Rules of the Irish Road

Directional signs in Irish and English, cars parked every which way, street names in small print on the wall. Welcome to driving in Ireland!

Directional signs in Irish and English, not enough room for two-way traffic, cars parked every which way, street names in small print on the wall. Welcome to driving in Ireland!

In my Driven to Distraction post I alluded to having to get an Irish driver’s licence. I can drive legally for a year on my Canadian licence, but if I intend to stay longer, and if I want to get insurance at reasonable rates, I have to get an Irish one.

Do not overtake

No Overtaking. RR (Rules of the Road) p79

I have driven for almost 40 years without incident, in all kinds of conditions (Northern Canadian winters!) and vehicles, standard and automatic. I have rented a car every summer in Ireland year after year. I was prepared for some kind of process whereby I would be asked to demonstrate my competence and my knowledge of the Irish road rules – a process which I assumed would also acknowledge my experience and skills. The first part of that last sentence was a realistic assessment; the second part was a hopeless dream. It turns out that I must start from scratch, as if I was 17, as if I had never driven before.

Double yellow lines: no parking at any time. RR p115

Double yellow lines: no parking at any time. RR p115

Perhaps, you surmise, this is because we drive on the right in Canada and in Ireland we drive on the left. But anybody with a European driving licence can simply swap it for an Irish one, no matter what side of the road they drive on. This also applies to those in possession of licences from Taiwan, New Zealand, Japan and South Korea. Within Europe, all countries have agreed to the principle of mutual recognition for all sorts of qualifications and Ireland happens to have concluded agreements with several other countries for mutual recognition of driving licences. But with the US and Canada, it has not yet happened. There are “talks” apparently, but no real progress. This also means that Irish drivers who emigrate to Canada must go through a staged testing process.

You MUST not park on a footpath. RR p116

You MUST not park on a footpath. RR p116

 

Right – fair enough – I must prove my knowledge of the road and my driving competence. OK, theory test now passed, when can I take the road test? Wait, not so fast! First I must take, and pay for, a series of 12 driving lessons from an approved instructor. The lessons must be documented and they should occur two weeks apart: that will take six months. In the meantime, I must have L plates on the car and I cannot drive alone or on Motorways. Did you get that? I CANNOT DRIVE ALONE. I have, in effect, lost my independence. I must rely on Robert to drive me everywhere (we live three miles from the nearest village) or to sit beside me while I drive.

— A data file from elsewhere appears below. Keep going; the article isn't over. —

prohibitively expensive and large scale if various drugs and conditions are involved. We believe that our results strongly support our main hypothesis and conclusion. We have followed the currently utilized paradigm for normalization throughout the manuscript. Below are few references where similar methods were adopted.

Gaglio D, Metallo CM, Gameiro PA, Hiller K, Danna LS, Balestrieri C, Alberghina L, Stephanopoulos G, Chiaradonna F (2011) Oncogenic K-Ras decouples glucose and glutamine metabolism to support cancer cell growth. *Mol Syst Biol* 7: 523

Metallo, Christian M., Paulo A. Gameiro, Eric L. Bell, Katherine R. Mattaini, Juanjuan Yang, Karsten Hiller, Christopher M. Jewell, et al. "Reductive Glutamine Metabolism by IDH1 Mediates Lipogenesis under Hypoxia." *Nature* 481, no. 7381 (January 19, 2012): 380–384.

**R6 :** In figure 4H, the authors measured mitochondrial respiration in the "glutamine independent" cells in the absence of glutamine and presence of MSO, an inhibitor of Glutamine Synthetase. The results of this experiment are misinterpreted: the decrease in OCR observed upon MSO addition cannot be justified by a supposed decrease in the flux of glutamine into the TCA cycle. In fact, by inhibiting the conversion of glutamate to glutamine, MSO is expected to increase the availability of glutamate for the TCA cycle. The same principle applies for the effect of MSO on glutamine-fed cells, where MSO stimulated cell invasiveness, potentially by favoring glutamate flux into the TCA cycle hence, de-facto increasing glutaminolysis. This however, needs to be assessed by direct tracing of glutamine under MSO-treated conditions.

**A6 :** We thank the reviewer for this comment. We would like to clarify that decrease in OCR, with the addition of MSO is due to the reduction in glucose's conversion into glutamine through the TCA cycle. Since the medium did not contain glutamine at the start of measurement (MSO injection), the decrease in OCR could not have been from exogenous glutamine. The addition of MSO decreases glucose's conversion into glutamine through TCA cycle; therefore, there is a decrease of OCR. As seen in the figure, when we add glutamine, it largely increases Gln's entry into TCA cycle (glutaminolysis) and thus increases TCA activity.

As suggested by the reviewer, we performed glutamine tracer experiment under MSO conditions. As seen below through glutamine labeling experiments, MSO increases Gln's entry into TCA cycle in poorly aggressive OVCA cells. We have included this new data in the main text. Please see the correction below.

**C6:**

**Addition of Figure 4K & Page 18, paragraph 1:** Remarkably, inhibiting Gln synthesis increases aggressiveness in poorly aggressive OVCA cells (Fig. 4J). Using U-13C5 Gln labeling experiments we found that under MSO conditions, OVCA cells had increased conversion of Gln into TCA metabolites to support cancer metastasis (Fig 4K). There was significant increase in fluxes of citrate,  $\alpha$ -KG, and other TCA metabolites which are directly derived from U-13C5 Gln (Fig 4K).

Drive at a safe speed.  RR p88

Drive at a safe speed. RR p88

In a future post I will describe the lessons – a whole experience in themselves! Meanwhile, I must admit that studying the Irish Rules of the Road has been a salutary experience. I leave you with some photographs to illustrate the Irish approach to road signage and to the observation of the Rules.

Unprotected quay ahead

Unprotected quay ahead. RR p183

20 thoughts

  1. Finola, that’s horrifying! I remember, back in the Dark Ages, getting my licence and how independent it made me feel. Hard to imagine going the other way. It seems as though you are maintaining sanity by nicely balancing outrage with humour …

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  2. Well now like, we must be thankful you are not having to matriculate the car at the same time. Love the ‘don’t balance your car on the end of the quay’ sign ….. supplied by the sponsors of JCB paint. Love it! I can feel the heat of your seethe from here.

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  3. And I thought the rules for driving in Saudi Arabia were harsh, but on second thoughts that’s only for second class citizens, namely women!!!!!! At least Ireland is being inclusive.

    David.

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